In 2018, the Children’s Law Center (CLC) implemented a project called the Child Centered Mediation Program. This program is specifically designed to serve those who are unlikely to have counsel or, if they do have counsel, would be unlikely to be able to afford mediation. Its purpose is to provide mediation services to families involved in high conflict custody disputes with a specific focus on the child or children. It aims to reduce family conflict resulting from a custody dispute and the long term negative effects of that conflict on the health of the child.
The CLC’s pilot mediation project asks the Family Court judge (Judge Christopher Mehling has agreed to participate this first year) to refer parties to our program who are, ideally, unrepresented and most likely to qualify for needsbased services. Often, these participants are involved in high conflict custody litigation. Because the CLC has secured funding for the project from the Spaulding Foundation and the Northern Kentucky Bar Foundation, it does not charge a fee for this service.
The CLC uses a trauma informed approach in evaluating the case and in ultimately facilitating the discussion toward agreement. This trauma-informed approach involves focusing on how the parental conflict of this particular dispute, and how events in the child’s and the parties’ pasts adversely affects the child’s well-being. Any mediated agreement using this approach considers the interests of the child first; it includes strategies to reduce any further trauma going forward.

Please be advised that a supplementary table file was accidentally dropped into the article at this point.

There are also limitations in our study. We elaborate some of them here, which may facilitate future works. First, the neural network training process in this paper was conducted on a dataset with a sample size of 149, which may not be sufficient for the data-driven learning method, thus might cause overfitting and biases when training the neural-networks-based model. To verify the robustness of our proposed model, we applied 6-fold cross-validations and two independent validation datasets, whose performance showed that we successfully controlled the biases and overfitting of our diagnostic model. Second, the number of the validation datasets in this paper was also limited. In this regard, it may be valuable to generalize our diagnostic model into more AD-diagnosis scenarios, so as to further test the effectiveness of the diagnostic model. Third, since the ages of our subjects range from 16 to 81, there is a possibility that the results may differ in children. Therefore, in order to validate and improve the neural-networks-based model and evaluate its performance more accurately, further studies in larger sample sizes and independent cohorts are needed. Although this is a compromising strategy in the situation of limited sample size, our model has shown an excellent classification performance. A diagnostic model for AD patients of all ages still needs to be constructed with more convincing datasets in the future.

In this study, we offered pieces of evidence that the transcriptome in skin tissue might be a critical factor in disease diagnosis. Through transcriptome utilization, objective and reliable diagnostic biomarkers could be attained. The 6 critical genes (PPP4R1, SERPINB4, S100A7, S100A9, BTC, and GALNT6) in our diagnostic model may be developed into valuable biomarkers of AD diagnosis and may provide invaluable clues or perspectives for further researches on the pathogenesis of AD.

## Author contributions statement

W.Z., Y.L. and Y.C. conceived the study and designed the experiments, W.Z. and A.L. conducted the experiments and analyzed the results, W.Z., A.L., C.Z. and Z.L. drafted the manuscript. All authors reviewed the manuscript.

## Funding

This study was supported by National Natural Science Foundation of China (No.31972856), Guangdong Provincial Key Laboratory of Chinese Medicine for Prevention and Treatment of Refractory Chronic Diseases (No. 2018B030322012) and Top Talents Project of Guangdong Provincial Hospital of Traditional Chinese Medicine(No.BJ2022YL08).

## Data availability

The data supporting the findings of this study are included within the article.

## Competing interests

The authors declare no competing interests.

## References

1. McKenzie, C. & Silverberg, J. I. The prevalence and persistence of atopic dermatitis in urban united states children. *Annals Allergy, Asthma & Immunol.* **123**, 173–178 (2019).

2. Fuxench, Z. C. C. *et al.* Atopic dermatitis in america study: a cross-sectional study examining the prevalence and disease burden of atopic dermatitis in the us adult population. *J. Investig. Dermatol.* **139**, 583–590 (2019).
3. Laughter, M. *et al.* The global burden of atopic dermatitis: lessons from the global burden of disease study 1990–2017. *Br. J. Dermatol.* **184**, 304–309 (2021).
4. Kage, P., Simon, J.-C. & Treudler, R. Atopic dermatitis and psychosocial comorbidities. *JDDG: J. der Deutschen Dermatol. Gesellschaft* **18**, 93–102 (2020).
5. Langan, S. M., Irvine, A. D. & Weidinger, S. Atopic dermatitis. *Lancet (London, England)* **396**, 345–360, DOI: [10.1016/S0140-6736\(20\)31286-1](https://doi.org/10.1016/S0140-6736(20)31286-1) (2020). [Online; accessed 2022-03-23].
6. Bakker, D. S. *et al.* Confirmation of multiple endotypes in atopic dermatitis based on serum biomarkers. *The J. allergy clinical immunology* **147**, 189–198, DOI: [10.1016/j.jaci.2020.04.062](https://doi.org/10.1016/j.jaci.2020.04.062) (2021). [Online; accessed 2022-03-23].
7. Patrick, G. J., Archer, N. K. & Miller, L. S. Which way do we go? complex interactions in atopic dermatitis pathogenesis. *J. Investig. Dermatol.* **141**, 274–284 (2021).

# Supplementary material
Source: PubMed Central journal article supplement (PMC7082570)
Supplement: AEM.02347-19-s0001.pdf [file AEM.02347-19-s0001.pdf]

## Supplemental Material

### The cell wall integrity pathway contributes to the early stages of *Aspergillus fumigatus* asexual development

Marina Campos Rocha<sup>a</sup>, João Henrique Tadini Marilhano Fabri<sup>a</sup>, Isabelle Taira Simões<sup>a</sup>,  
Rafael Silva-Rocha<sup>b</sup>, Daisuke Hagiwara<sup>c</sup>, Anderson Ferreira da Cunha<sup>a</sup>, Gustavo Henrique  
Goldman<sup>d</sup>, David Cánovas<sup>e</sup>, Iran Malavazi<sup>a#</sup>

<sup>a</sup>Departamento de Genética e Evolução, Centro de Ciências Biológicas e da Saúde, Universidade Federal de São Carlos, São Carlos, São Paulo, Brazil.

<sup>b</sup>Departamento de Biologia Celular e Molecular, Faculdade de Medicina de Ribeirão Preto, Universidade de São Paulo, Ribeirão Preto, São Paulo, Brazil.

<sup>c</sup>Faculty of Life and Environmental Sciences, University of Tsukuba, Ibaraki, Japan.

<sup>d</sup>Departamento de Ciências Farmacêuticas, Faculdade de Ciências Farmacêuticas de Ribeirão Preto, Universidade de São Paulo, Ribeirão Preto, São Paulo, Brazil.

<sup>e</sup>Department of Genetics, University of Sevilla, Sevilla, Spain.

The program addresses the trauma component before the actual mediation session or sessions by requiring the parties to jointly attend an educational session with the mediator and a psychological professional (Jean Deters, Psy.D., has agreed to participate this first year), participate in a facilitated discussion about their child’s past and present trauma, and ways to minimize or eliminate it in the future. The strategies and information the parties discuss at this session are then applied at the next meeting: the mediation session. The psychological professional attends as well.
At the ultimate mediation session all issues are discussed, from custody to child-support, visitation to property division. But with the CLC’s focus on the well-being of the child and the recognition and focus on her trauma, including the trauma of the protracted litigation, this approach should have a great potential to facilitate lasting agreements that reduce the parties’ court time. Even more importantly, this approach should reduce the child’s trauma, increase his or her selfworth, and ultimately encourage the parties to focus their energies not on the conflict, but on their child.
Thank you to the Spaulding Foundation for funding this program!